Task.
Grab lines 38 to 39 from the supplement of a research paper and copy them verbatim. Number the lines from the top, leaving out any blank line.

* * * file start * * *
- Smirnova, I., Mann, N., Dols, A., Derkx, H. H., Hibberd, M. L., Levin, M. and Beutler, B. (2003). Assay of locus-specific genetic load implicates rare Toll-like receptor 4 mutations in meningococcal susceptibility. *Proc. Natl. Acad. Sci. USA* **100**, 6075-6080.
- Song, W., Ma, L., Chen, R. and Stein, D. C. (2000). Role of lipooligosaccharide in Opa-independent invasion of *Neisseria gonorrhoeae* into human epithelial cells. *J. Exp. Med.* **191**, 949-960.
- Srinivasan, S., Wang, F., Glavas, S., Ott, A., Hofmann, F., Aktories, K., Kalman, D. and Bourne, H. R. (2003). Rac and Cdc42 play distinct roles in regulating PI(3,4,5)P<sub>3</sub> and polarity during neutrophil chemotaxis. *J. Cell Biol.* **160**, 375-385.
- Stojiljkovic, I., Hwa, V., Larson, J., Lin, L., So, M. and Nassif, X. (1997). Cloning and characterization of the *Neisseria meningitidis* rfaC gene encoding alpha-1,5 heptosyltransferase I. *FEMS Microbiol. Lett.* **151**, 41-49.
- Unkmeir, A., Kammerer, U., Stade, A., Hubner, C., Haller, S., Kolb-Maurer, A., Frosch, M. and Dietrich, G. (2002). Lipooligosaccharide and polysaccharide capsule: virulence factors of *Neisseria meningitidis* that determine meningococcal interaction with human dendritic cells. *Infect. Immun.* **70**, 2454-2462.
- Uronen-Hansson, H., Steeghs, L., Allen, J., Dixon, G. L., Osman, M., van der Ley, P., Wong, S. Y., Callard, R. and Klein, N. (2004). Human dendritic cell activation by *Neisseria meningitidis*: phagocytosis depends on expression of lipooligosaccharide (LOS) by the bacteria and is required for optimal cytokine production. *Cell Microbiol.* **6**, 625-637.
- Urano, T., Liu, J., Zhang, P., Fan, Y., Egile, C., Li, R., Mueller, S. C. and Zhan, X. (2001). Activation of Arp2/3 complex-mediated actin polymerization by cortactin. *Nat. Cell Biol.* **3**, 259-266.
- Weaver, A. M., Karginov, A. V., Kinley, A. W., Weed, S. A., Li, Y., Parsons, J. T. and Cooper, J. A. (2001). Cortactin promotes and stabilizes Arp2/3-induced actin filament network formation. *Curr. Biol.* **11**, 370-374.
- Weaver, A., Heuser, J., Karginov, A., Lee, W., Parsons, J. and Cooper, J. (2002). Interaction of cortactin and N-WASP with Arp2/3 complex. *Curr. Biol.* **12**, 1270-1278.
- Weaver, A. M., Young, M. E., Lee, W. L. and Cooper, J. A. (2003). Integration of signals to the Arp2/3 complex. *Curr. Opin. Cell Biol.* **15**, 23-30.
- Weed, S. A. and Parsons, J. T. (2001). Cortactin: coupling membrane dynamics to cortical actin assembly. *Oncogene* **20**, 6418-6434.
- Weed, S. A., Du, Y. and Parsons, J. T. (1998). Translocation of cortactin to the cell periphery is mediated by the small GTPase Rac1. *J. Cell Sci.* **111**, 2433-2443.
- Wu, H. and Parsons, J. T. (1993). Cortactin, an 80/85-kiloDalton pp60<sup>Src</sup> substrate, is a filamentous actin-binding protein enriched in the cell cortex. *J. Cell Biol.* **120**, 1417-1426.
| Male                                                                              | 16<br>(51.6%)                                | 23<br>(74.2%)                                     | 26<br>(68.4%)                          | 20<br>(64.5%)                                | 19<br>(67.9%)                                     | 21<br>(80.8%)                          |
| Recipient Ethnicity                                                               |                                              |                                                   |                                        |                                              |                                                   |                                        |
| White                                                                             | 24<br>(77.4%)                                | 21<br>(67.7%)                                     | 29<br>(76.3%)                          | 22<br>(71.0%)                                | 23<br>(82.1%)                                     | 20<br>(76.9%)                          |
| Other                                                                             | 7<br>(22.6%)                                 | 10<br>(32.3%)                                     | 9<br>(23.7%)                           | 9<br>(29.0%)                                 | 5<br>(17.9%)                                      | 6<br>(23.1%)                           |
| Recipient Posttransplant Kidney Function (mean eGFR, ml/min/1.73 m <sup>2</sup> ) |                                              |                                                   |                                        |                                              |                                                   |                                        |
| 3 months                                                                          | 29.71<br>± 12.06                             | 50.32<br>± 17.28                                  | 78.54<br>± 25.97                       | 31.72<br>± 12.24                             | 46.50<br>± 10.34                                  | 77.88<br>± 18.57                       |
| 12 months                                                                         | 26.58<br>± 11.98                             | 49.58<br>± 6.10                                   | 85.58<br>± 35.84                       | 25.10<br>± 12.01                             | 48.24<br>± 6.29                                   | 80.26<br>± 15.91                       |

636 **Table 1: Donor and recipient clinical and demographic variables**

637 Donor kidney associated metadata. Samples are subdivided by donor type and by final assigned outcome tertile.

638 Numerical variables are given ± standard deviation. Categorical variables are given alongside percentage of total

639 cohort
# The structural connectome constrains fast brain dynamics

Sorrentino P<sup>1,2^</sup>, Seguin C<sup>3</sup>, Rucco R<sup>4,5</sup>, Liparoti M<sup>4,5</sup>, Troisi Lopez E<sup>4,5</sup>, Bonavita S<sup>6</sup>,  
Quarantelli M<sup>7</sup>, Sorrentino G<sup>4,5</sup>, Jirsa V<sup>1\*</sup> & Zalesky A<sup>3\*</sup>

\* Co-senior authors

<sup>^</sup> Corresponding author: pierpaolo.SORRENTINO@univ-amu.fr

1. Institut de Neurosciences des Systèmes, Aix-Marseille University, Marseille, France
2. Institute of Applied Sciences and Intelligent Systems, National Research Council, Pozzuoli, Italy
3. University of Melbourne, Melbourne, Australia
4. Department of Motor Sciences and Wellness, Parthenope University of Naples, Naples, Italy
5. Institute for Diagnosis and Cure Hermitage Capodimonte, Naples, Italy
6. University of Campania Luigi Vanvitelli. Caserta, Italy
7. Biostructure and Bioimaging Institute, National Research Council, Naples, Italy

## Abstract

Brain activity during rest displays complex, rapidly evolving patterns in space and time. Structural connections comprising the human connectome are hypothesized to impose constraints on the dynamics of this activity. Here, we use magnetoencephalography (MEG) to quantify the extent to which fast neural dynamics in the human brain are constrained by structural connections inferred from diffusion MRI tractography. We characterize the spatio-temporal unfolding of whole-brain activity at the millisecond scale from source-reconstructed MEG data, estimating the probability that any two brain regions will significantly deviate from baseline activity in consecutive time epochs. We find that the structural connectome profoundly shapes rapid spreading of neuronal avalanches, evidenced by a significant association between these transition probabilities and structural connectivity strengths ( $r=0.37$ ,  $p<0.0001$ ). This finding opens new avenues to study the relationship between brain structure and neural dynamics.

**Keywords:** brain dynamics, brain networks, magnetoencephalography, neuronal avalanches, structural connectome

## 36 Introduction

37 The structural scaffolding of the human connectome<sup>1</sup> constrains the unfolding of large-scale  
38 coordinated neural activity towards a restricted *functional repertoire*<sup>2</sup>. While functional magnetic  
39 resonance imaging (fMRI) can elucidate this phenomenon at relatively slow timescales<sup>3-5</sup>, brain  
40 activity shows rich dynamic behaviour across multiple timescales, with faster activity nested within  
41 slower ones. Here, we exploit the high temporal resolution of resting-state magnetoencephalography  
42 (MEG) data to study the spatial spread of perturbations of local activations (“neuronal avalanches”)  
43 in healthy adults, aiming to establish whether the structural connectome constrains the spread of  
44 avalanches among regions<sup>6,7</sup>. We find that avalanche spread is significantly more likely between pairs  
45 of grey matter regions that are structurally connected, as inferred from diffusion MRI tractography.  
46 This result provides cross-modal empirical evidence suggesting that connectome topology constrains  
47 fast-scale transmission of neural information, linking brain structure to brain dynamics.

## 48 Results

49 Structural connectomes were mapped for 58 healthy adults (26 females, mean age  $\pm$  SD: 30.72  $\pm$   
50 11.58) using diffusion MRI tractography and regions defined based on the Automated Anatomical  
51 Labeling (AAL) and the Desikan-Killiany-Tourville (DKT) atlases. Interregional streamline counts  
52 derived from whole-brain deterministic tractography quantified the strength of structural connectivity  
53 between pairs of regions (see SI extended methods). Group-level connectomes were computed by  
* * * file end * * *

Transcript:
Brain activity during rest displays complex, rapidly evolving patterns in space and time. Structural connections comprising the human connectome are hypothesized to impose constraints on the dynamics of this activity. Here, we use magnetoencephalography (MEG) to quantify the extent to which fast neural dynamics in the human brain are constrained by structural connections inferred from diffusion MRI tractography. We characterize the spatio-temporal unfolding of whole-brain activity at the millisecond scale from source-reconstructed MEG data, estimating the probability that any two brain regions will significantly deviate from baseline activity in consecutive time epochs. We find that the structural connectome profoundly shapes rapid spreading of neuronal avalanches, evidenced by a significant association between these transition probabilities and structural connectivity strengths ( $r=0.37$ ,  $p<0.0001$ ). This finding opens new avenues to study the relationship between brain structure and neural dynamics.

**Keywords:** brain dynamics, brain networks, magnetoencephalography, neuronal avalanches, structural connectome